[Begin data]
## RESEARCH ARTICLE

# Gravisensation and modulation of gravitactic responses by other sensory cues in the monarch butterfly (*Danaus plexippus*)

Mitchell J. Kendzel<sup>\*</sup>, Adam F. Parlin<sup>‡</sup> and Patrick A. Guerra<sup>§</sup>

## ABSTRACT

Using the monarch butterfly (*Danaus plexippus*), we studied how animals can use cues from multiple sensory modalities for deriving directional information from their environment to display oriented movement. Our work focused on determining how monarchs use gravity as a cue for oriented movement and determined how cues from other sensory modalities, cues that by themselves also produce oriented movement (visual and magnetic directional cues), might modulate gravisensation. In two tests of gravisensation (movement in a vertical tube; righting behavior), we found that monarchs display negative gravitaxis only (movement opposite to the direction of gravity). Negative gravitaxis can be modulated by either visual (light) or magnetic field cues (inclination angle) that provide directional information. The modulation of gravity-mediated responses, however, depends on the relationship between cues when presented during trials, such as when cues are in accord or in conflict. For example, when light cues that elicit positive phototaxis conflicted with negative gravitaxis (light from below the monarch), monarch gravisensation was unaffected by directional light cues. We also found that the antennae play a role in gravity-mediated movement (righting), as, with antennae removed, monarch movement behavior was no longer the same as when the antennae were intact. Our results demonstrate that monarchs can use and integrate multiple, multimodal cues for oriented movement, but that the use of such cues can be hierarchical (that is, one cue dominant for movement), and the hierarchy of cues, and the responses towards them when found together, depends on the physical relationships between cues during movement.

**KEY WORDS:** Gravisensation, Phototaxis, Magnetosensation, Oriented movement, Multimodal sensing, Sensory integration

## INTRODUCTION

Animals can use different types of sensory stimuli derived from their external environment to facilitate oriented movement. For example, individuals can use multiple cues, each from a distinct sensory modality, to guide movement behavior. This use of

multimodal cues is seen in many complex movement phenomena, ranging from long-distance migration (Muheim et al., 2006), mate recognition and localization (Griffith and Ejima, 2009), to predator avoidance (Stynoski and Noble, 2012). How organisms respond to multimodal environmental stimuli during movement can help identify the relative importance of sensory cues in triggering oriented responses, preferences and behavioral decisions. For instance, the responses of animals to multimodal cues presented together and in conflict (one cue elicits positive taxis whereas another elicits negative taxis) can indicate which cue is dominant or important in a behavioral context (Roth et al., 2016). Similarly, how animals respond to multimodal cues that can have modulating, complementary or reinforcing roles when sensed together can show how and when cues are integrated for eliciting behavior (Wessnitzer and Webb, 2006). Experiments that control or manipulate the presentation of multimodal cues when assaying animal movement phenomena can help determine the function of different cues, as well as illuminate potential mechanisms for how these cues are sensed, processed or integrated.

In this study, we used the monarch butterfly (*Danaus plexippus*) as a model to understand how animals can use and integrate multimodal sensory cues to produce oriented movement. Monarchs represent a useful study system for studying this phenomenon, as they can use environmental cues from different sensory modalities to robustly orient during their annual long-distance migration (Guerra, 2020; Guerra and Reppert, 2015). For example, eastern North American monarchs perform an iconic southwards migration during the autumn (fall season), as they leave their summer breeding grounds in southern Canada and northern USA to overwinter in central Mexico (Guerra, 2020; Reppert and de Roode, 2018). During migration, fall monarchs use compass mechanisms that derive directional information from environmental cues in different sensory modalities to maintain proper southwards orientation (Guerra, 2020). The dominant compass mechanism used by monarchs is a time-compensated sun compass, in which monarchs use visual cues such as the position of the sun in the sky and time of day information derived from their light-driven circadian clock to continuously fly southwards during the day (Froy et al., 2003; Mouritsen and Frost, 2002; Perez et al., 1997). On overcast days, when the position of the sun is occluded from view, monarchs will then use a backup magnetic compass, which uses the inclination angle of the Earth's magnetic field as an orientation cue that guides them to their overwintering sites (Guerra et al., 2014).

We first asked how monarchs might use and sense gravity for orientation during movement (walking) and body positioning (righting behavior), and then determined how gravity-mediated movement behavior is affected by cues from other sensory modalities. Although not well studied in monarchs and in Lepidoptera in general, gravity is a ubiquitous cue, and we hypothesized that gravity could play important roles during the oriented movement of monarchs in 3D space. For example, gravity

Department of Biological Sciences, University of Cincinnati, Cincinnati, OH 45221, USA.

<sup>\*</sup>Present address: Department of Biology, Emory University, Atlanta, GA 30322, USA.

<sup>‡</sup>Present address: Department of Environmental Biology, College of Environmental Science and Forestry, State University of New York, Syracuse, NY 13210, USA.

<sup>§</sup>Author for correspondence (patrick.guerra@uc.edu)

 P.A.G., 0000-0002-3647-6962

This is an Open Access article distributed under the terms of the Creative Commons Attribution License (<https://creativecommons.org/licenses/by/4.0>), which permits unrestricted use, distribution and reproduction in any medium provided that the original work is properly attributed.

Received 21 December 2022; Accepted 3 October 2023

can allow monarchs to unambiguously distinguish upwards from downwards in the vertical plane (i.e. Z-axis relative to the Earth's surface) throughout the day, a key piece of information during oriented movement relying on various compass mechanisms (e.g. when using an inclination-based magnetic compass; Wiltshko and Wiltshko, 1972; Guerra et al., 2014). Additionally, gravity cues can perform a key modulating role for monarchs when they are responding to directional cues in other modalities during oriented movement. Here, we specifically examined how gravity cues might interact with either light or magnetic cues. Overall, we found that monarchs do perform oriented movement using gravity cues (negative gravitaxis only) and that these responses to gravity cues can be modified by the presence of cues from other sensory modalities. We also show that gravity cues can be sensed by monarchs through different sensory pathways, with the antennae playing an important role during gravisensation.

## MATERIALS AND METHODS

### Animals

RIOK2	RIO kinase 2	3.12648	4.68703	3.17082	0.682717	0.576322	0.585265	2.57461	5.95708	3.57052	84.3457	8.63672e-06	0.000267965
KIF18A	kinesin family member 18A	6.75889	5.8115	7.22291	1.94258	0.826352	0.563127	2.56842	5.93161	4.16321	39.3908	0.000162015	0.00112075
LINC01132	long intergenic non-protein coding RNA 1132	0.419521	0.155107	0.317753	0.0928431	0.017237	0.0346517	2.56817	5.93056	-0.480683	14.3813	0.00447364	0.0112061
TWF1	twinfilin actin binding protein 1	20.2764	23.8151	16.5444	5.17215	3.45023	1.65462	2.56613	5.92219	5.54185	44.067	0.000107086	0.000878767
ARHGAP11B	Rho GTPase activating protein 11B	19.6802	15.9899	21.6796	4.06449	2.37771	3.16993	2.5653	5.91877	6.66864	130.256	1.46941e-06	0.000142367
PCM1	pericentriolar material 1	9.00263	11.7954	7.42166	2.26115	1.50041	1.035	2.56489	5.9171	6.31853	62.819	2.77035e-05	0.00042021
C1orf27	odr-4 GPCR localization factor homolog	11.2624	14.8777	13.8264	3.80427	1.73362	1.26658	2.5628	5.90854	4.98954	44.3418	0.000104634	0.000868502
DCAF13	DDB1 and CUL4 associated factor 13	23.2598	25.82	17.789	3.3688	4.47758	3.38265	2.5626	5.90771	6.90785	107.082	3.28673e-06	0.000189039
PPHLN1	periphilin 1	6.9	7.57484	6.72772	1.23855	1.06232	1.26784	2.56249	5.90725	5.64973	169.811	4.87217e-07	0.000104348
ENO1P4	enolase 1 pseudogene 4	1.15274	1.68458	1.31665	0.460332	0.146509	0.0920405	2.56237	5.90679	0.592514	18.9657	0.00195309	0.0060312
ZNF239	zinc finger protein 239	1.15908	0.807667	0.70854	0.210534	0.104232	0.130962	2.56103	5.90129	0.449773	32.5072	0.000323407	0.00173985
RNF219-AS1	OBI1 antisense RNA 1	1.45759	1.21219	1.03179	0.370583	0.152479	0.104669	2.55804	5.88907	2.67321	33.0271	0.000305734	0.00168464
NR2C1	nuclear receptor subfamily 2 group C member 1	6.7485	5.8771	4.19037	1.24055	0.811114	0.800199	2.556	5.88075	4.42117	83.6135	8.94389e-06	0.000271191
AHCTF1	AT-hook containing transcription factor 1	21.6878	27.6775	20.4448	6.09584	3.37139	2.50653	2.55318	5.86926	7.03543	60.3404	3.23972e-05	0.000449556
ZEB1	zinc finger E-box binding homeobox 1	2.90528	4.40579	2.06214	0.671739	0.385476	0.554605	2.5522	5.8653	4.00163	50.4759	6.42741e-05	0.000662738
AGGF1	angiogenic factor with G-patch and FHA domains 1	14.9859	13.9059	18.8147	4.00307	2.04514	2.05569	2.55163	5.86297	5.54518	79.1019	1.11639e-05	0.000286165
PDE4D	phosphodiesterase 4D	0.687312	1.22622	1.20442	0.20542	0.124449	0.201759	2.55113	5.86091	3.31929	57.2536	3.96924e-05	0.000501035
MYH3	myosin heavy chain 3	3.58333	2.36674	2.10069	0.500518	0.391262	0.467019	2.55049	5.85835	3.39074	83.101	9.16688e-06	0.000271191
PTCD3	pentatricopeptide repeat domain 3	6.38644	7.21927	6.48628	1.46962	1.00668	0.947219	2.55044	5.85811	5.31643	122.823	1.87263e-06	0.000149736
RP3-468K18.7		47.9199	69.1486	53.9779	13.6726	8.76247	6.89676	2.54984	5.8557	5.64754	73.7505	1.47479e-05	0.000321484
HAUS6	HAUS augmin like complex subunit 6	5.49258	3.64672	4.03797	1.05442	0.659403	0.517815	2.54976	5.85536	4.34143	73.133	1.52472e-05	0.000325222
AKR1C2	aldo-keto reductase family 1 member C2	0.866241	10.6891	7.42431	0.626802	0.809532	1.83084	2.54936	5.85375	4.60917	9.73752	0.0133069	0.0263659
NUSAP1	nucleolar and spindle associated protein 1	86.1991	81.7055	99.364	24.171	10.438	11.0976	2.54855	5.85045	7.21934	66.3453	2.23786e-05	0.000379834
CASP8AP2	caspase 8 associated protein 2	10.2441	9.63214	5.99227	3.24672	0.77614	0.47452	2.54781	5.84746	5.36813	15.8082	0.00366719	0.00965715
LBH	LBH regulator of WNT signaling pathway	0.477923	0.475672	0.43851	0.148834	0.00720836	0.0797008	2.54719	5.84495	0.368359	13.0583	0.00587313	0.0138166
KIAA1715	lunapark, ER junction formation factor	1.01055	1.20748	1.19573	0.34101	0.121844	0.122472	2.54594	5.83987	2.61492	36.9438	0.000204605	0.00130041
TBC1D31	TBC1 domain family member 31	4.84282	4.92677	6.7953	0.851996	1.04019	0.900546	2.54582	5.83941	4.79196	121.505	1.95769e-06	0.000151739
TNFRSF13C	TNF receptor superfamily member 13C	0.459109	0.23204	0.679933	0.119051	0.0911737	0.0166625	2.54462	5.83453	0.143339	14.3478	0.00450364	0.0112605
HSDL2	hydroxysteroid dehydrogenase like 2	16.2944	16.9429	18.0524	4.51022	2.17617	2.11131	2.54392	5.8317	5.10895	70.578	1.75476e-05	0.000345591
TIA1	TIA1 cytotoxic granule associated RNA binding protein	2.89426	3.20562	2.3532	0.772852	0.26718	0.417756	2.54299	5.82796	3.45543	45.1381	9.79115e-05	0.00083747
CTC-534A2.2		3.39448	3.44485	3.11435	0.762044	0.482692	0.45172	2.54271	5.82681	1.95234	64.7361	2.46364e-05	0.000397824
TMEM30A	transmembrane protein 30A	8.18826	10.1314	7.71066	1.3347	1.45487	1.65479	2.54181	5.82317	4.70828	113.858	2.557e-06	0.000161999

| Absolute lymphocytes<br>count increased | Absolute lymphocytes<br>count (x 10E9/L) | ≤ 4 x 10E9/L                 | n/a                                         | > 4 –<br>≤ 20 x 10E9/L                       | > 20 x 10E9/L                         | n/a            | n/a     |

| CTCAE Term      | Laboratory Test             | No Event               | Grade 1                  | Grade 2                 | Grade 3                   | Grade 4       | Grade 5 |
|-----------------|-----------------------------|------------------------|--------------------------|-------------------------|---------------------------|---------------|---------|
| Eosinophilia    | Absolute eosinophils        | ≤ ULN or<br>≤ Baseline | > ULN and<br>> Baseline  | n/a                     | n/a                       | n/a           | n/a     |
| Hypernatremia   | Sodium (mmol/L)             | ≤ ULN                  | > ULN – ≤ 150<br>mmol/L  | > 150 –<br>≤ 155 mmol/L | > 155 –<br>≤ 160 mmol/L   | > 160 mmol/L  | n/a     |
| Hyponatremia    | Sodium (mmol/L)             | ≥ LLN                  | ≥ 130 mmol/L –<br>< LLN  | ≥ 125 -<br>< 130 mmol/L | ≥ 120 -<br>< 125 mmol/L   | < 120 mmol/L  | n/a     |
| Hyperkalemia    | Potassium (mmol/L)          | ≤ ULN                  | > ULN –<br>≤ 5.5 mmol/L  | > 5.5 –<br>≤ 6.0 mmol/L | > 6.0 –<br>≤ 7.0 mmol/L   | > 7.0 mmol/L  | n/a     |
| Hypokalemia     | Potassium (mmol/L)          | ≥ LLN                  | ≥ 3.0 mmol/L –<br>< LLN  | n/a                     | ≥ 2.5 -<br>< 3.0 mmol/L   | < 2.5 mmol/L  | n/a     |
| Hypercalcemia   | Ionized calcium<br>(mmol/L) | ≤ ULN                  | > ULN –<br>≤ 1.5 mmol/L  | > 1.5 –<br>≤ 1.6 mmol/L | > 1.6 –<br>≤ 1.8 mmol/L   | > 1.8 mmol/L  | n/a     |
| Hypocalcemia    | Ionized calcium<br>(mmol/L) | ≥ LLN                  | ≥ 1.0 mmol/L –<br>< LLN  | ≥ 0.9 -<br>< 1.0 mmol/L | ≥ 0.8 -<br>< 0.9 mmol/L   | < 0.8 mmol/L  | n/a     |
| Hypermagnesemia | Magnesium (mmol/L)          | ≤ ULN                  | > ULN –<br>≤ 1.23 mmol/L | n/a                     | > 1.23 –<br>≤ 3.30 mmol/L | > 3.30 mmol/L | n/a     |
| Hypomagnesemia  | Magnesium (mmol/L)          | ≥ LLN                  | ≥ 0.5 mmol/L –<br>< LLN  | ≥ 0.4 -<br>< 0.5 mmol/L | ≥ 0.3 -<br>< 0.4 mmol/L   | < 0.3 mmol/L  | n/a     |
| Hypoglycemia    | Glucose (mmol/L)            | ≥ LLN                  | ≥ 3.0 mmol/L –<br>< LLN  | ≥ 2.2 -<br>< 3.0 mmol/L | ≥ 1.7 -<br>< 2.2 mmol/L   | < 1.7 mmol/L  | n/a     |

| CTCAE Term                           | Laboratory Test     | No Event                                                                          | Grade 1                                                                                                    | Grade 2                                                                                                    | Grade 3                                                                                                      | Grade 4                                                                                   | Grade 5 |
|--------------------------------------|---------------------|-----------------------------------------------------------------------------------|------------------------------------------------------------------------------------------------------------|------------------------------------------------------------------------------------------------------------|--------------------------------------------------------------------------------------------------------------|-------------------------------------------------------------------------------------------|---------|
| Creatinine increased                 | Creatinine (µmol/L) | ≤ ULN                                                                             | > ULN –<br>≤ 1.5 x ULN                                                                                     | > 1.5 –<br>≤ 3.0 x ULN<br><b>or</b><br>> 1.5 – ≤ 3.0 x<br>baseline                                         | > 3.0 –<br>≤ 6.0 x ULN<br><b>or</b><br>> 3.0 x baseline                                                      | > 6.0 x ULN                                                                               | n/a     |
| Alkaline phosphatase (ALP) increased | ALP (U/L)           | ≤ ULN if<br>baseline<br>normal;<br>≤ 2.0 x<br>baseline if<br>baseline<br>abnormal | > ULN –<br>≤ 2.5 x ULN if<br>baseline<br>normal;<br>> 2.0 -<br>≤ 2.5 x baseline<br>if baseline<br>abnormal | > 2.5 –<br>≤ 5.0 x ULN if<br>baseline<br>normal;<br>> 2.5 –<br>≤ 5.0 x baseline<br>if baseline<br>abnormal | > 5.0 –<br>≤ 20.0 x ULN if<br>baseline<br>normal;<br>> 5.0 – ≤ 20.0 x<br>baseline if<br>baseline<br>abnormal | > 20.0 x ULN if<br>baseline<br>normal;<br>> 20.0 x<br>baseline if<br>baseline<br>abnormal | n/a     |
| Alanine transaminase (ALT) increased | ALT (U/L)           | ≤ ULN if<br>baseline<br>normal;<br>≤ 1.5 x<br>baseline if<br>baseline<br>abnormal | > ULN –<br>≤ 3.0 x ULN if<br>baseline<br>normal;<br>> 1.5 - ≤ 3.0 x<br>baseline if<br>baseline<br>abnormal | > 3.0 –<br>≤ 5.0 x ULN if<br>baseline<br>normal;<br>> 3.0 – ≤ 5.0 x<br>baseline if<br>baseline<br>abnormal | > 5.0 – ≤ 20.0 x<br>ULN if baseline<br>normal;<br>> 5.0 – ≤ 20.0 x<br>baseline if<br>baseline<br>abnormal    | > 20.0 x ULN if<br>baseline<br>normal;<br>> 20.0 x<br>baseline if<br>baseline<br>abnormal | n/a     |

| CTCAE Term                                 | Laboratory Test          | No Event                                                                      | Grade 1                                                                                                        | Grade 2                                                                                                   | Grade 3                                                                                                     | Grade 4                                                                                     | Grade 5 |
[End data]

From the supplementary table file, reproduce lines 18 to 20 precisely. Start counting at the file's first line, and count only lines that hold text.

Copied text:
Received 21 December 2022; Accepted 3 October 2023

can allow monarchs to unambiguously distinguish upwards from downwards in the vertical plane (i.e. Z-axis relative to the Earth's surface) throughout the day, a key piece of information during oriented movement relying on various compass mechanisms (e.g. when using an inclination-based magnetic compass; Wiltshko and Wiltshko, 1972; Guerra et al., 2014). Additionally, gravity cues can perform a key modulating role for monarchs when they are responding to directional cues in other modalities during oriented movement. Here, we specifically examined how gravity cues might interact with either light or magnetic cues. Overall, we found that monarchs do perform oriented movement using gravity cues (negative gravitaxis only) and that these responses to gravity cues can be modified by the presence of cues from other sensory modalities. We also show that gravity cues can be sensed by monarchs through different sensory pathways, with the antennae playing an important role during gravisensation.

## MATERIALS AND METHODS